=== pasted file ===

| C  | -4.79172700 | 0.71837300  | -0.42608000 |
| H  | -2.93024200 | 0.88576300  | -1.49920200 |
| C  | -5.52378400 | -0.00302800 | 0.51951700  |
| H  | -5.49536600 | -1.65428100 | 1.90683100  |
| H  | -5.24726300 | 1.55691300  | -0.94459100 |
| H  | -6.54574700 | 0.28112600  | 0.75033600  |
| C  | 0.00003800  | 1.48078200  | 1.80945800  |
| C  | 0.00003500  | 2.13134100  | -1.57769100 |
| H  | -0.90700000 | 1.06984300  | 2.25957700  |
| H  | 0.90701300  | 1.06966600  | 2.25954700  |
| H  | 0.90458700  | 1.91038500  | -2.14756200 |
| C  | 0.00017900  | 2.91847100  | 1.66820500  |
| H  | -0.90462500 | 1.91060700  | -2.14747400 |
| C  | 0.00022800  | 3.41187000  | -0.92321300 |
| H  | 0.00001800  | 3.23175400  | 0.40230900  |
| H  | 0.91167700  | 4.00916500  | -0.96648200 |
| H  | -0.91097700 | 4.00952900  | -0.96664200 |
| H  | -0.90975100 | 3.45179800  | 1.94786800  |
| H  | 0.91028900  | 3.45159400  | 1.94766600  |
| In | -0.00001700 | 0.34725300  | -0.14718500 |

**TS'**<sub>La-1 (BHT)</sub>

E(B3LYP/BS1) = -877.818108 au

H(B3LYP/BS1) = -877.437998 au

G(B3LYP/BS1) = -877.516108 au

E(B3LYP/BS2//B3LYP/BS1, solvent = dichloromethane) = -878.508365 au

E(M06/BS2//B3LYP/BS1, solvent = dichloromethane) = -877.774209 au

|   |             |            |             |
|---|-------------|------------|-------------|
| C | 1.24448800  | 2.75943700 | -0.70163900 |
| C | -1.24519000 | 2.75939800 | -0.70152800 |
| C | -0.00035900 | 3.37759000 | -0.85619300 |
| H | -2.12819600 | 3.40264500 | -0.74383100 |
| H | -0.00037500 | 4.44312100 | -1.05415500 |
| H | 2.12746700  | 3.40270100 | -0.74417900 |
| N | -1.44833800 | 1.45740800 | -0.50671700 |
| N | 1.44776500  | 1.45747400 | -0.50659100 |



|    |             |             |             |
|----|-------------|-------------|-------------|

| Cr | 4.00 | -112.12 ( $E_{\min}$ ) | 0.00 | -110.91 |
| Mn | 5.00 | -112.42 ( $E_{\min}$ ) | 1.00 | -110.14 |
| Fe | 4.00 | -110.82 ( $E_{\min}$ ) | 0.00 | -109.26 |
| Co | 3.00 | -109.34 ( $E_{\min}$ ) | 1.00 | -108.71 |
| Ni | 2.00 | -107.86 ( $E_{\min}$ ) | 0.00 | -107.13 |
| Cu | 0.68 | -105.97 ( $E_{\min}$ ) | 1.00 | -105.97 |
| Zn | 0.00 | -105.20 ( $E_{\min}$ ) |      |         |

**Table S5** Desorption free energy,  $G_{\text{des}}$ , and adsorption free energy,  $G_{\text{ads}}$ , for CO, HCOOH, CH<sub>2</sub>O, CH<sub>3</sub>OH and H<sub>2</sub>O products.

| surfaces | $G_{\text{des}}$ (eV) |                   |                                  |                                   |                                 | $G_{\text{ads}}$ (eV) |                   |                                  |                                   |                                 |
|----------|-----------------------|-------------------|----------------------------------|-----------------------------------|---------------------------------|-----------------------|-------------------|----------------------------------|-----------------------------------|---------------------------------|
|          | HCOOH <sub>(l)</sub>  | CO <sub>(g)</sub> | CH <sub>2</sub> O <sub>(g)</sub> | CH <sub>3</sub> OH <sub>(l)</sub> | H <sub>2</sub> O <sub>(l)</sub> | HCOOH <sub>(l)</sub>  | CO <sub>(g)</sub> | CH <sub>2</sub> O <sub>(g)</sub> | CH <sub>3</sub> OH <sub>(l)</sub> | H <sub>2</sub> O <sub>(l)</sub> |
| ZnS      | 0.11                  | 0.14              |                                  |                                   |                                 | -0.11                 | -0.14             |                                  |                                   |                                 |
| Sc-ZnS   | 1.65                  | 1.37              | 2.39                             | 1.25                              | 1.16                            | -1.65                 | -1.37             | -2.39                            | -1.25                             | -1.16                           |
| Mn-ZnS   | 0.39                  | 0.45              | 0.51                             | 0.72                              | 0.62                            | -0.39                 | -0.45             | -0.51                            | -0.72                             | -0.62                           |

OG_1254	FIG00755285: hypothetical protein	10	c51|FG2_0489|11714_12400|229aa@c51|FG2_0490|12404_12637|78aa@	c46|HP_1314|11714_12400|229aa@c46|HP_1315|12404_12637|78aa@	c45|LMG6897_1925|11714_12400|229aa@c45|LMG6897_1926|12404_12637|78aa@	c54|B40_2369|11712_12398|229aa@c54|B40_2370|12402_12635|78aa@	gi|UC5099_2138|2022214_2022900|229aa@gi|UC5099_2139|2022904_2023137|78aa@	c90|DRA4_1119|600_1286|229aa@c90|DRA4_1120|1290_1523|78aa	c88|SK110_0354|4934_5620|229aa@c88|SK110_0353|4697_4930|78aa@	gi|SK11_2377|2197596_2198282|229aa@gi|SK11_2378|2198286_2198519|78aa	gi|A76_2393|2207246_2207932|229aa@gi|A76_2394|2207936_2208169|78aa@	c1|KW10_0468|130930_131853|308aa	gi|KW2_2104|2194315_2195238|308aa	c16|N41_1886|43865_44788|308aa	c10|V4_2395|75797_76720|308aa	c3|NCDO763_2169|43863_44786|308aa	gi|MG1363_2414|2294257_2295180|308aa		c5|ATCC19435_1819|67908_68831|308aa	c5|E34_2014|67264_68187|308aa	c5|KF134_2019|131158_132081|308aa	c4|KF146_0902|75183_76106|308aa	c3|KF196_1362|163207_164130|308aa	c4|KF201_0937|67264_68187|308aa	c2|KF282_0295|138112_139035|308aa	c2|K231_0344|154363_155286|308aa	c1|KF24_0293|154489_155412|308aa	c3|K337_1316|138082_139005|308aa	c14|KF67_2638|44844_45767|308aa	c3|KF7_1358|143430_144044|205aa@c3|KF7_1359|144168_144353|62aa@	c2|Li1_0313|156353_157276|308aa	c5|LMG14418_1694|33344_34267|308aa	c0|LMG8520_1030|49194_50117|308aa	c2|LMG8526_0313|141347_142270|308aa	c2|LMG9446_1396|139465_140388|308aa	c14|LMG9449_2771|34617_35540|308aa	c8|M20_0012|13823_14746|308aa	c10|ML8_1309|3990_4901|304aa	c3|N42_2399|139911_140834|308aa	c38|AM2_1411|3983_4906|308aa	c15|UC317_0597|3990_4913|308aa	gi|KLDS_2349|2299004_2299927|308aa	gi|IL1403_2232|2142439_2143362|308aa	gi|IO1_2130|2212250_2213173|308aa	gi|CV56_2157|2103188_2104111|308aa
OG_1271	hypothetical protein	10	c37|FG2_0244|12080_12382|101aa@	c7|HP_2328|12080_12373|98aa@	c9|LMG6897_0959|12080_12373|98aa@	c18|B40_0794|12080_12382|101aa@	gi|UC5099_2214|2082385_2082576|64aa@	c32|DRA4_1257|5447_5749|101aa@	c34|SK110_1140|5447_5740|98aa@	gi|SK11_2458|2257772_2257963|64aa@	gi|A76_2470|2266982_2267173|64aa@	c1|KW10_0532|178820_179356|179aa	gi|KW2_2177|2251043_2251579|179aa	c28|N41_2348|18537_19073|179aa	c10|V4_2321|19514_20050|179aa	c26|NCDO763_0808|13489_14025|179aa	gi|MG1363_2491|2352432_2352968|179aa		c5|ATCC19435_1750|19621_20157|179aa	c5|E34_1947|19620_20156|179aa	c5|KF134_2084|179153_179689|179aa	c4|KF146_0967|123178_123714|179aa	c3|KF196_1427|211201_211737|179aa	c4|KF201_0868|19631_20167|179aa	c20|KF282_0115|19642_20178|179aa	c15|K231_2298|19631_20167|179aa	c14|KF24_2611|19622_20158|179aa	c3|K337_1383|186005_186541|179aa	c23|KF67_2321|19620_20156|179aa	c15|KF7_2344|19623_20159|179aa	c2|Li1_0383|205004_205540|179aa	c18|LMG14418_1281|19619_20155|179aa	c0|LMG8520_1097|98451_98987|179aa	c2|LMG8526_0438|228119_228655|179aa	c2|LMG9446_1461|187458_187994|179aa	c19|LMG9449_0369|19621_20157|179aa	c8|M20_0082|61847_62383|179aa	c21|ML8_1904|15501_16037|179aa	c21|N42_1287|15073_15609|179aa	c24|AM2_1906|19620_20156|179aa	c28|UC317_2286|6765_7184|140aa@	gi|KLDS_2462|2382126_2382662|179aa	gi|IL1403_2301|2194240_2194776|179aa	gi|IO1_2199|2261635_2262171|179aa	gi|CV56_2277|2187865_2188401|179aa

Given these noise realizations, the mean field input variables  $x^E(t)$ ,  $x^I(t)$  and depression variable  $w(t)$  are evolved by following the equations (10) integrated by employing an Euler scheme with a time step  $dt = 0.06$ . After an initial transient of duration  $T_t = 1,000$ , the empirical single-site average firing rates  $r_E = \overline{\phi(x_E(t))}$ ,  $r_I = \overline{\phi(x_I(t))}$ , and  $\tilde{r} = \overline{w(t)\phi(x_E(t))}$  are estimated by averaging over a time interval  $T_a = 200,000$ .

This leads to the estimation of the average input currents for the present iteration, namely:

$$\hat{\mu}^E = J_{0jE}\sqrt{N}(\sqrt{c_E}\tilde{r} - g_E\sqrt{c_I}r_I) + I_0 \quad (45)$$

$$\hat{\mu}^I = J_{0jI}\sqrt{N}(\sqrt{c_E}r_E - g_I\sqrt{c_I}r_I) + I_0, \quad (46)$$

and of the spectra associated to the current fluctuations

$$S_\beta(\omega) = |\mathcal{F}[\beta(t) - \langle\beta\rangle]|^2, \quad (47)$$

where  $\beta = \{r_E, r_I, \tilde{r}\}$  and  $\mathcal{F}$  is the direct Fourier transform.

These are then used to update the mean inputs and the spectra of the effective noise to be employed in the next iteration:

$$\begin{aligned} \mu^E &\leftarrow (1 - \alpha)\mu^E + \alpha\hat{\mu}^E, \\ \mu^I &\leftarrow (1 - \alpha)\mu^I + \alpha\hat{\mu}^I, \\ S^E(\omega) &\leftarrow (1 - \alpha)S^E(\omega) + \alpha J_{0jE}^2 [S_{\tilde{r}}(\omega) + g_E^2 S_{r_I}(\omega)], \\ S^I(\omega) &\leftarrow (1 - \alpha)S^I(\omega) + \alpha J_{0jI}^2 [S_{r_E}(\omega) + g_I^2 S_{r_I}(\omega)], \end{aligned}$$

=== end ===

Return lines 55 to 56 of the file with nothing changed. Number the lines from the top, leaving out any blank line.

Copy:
Given these noise realizations, the mean field input variables  $x^E(t)$ ,  $x^I(t)$  and depression variable  $w(t)$  are evolved by following the equations (10) integrated by employing an Euler scheme with a time step  $dt = 0.06$ . After an initial transient of duration  $T_t = 1,000$ , the empirical single-site average firing rates  $r_E = \overline{\phi(x_E(t))}$ ,  $r_I = \overline{\phi(x_I(t))}$ , and  $\tilde{r} = \overline{w(t)\phi(x_E(t))}$  are estimated by averaging over a time interval  $T_a = 200,000$ .

This leads to the estimation of the average input currents for the present iteration, namely: